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The Wilderness

Part II: Grant Begins the Final Drive

Death hung in the air

IN MARCH 1864 President Lincoln appointed Gen. Ulysses S. Grant commanding general of all the Union armies. Said Grant:

In the east the opposing forces stood in substantially the same relations toward each other as three years before, or when the war began; they were both between the Federal and Confederate Capitals. Battles had been fought of as great severity as had ever been known in war . . . from the James River to Gettysburg, with in decisive results.

He hoped to change this situation by putting pressure on all Confederate armies at the same time, something that had never been done before.

Lee's strategy had always been to "risk some points in order to have a sufficient force concentrated, with the hope of dealing a successful blow when opportunity favors." He believed "as the enemy cannot attack all points at one time . . . the troops could be concentrated . . . where an assault should be made." With its interior, or shorter, lines of communication the South could so concentrate its forces.

This is exactly what Grant realized and wished to prevent. The way to prevent the Confederates from concentrating, as he saw it, was to put and keep pressure on all points at all times, so that the South would be unable to continue its thus successful strategy.

painting of battle
Winslow Homer's painting suggests the vague nature of the fighting in the Wilderness, where the thickets broke up the battlelines and the enemy, more often than not, remained unseen.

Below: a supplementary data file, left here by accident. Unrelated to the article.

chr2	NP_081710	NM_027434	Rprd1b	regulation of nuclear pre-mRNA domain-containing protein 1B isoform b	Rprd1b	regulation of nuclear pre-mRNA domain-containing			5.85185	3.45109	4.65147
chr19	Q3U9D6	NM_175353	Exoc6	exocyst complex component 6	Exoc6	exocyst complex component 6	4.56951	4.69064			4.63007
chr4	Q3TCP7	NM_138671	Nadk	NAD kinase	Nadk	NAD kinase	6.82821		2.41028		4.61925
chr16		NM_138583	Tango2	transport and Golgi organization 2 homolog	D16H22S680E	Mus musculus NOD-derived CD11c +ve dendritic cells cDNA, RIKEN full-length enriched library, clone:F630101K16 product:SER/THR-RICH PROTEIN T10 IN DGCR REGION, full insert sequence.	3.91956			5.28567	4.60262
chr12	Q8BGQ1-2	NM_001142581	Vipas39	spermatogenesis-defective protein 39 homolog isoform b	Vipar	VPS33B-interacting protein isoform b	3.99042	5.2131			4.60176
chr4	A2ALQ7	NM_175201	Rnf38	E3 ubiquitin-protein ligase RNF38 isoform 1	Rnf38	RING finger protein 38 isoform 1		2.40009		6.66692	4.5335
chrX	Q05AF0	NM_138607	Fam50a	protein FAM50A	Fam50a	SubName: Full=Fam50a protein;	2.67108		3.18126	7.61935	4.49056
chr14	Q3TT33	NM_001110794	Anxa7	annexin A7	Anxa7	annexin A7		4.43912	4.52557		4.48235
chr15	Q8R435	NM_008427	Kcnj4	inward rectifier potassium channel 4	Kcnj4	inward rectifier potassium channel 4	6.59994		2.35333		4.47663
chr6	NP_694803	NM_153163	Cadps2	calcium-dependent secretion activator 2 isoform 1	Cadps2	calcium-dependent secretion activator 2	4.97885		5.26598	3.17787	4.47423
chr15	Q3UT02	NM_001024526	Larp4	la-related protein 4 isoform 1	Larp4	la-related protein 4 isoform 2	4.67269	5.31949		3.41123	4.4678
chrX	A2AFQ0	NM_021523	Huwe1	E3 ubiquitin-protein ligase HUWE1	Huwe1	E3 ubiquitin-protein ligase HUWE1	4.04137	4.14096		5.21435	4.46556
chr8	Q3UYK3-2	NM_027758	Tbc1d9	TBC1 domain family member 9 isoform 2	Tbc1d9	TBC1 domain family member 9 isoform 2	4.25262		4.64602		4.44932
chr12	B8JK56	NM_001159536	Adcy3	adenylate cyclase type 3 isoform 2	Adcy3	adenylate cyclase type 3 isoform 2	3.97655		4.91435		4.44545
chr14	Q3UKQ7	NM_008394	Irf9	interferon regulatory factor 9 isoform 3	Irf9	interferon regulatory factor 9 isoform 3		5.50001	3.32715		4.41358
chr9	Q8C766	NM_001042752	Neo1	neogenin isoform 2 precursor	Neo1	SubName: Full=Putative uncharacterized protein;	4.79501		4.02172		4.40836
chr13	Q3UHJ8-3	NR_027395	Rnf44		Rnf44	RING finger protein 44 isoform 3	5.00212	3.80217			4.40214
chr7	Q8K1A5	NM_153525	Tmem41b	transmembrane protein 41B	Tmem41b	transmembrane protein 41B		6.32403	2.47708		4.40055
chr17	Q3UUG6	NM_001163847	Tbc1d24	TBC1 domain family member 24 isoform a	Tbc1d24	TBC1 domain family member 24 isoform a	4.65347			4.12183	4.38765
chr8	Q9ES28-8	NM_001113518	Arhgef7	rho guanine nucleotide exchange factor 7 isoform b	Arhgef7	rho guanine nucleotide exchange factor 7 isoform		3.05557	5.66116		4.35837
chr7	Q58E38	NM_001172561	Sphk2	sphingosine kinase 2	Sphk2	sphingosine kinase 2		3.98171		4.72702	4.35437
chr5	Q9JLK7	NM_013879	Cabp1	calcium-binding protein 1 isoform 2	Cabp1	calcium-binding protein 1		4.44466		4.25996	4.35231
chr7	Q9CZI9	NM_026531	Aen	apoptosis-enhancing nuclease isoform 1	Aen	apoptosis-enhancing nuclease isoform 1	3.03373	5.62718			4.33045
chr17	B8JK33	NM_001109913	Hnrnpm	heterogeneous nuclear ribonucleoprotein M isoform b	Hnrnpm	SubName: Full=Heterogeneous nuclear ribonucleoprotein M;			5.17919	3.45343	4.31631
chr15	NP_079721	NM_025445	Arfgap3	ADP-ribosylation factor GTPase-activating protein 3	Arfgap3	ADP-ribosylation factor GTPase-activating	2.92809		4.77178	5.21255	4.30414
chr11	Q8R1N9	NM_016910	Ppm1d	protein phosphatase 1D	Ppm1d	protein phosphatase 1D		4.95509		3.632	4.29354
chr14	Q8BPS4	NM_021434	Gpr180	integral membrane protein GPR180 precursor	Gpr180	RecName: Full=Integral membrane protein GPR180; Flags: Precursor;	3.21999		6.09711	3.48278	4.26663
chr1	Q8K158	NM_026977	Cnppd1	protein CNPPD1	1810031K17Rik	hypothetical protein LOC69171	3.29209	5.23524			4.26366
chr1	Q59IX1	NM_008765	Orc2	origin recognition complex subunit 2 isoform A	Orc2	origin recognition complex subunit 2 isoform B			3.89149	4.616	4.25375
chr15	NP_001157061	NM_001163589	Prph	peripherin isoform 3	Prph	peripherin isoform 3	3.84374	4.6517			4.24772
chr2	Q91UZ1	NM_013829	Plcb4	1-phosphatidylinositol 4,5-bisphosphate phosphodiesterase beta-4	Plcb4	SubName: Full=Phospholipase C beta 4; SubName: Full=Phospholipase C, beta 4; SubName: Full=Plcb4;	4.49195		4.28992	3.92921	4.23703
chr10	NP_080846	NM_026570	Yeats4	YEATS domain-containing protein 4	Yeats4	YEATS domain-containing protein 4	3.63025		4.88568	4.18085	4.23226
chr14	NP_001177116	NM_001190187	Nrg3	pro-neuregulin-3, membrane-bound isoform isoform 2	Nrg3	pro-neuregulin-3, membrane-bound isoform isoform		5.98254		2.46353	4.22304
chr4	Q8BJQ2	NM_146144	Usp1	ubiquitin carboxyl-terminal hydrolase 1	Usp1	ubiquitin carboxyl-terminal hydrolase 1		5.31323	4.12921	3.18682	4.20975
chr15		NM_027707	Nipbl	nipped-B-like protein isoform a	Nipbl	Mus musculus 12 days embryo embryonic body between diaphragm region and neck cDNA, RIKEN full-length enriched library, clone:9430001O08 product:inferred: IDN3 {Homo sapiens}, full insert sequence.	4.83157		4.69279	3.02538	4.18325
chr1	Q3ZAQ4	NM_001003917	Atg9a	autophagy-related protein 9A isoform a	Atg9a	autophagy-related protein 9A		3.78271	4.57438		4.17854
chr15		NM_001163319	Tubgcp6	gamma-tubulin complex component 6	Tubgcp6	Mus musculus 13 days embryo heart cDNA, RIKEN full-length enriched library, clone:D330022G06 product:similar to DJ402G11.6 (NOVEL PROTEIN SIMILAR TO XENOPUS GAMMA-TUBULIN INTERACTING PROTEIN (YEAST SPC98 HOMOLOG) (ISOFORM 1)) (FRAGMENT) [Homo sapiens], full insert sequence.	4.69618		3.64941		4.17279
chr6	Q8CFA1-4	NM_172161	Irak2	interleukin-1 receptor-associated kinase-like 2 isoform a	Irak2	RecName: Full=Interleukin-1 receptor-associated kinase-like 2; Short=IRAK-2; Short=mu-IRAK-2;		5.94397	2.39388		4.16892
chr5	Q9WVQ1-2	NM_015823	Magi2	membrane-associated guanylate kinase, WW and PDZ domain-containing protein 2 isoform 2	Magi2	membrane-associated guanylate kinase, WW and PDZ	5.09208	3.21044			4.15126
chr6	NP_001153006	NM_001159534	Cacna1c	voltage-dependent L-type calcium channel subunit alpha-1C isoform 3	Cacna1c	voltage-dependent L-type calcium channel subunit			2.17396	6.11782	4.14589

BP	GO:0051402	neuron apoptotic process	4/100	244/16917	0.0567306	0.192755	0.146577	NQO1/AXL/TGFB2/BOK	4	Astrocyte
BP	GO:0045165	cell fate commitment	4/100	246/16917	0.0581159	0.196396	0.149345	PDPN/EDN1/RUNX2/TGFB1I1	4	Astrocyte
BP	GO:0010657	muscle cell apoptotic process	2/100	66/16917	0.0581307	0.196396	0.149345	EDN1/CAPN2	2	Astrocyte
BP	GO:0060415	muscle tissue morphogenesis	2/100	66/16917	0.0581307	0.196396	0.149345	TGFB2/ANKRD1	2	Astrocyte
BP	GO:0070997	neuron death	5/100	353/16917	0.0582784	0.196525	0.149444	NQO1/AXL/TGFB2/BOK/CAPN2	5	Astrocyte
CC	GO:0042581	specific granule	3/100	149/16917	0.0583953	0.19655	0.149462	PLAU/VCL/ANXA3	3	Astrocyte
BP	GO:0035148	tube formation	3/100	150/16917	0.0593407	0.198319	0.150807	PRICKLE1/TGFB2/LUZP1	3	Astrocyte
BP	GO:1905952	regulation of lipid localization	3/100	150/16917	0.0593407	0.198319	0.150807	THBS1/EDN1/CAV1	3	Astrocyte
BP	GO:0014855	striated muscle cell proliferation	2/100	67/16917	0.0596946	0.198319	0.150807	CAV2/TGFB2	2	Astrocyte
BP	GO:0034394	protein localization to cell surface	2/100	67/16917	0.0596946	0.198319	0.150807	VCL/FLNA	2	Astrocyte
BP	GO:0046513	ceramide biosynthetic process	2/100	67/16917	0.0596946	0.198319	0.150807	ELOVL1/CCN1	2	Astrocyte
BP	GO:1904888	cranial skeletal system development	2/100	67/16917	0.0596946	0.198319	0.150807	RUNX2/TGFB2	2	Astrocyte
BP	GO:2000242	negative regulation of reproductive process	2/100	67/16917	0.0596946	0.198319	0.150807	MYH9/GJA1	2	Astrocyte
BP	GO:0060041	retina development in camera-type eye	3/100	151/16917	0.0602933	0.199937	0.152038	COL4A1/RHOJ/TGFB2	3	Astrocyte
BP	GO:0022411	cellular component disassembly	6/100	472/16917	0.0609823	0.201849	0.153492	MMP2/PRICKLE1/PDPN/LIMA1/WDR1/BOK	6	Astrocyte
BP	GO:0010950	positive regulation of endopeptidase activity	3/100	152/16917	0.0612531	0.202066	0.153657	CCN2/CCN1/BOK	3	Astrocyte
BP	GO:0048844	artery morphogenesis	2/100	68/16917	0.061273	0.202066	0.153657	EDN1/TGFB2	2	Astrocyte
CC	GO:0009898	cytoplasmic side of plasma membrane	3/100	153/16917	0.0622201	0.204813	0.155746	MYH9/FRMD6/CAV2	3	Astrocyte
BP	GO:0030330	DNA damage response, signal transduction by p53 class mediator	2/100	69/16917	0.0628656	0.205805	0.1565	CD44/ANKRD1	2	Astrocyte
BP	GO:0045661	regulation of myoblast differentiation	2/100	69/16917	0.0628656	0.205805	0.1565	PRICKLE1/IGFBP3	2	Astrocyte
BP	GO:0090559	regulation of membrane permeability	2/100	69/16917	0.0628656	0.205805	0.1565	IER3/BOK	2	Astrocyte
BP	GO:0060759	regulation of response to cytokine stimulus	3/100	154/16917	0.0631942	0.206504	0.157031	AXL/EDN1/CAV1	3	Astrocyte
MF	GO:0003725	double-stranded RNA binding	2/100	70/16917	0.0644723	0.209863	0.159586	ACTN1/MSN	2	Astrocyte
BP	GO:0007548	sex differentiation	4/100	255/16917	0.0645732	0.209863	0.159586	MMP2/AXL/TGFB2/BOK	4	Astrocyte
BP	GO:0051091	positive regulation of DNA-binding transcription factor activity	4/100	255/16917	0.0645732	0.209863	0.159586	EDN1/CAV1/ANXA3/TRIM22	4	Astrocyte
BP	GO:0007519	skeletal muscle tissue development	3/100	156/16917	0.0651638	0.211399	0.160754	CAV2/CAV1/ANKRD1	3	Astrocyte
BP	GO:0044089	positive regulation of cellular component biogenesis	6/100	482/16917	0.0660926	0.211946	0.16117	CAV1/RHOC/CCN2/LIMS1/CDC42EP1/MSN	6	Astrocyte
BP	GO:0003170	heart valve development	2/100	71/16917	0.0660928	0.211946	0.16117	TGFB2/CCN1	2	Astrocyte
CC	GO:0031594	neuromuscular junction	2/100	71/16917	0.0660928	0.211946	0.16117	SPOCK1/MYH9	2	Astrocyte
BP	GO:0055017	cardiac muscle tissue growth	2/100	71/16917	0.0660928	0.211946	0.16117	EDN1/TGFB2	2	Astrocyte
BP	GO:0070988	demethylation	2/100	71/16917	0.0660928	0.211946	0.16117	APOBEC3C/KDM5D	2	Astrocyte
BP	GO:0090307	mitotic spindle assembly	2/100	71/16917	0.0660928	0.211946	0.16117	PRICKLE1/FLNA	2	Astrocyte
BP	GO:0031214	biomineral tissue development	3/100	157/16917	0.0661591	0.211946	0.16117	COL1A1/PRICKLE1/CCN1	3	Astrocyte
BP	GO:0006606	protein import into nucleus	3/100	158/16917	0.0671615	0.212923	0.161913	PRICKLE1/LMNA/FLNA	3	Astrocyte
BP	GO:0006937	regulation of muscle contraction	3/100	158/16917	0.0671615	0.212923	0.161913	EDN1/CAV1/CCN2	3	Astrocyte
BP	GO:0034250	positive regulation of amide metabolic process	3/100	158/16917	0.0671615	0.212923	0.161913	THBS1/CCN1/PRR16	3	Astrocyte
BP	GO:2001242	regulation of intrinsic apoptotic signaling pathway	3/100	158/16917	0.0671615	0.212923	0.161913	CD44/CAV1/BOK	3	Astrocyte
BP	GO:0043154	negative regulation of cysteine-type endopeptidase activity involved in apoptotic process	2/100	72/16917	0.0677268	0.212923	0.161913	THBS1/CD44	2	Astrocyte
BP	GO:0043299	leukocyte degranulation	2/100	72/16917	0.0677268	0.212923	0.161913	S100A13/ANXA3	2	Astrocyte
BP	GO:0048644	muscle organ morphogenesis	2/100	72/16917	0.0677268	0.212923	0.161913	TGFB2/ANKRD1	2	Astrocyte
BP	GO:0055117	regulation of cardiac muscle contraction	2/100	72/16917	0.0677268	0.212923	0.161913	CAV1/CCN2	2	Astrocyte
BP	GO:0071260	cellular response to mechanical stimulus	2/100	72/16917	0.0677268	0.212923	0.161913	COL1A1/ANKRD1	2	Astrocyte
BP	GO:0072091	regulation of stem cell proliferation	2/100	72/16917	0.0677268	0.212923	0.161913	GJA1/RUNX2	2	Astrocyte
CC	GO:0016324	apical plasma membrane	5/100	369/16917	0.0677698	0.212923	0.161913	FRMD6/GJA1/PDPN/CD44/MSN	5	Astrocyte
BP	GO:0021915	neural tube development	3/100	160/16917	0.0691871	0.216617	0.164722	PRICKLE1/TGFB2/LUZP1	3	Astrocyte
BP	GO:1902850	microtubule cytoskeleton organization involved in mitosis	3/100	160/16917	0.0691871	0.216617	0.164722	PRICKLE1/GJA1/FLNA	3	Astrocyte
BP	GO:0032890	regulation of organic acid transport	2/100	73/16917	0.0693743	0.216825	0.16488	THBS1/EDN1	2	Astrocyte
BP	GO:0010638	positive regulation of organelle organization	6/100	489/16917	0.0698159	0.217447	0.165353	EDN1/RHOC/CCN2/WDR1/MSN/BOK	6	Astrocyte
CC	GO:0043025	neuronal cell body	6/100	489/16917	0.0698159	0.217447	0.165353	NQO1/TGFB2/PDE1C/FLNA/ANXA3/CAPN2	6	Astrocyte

Courtesy of New Britain Museum of American Art.


Grant's plan called for Gen. Benjamin Butler to march up the south side of the James River and attack Petersburg or Richmond, or both, and for Gen. Franz Sigel to push down the Shenandoah Valley driving Gen. Jubal Early before him, thereby protecting Washington. Gen. Nathaniel Banks in New Orleans would march on Mobile; Gen. William T. Sherman would cut across Georgia driving Gen. Joseph E. Johnston before him, take Atlanta, and if necessary swing north to Richmond; Meade's Army of the Potomac, with Grant actually in command, was to push Lee's Army of Northern Virginia and capture Richmond. As Grant stated: "To get possession of Lee's Army was the first great object. With the capture of his army Richmond would necessarily follow."

sketch of soldiers
A line of James Wadsworth's Union division goes into action on May 6. Waud wrote on the drawing that it was near this spot that the stout old general, much admired by his troops, was killed.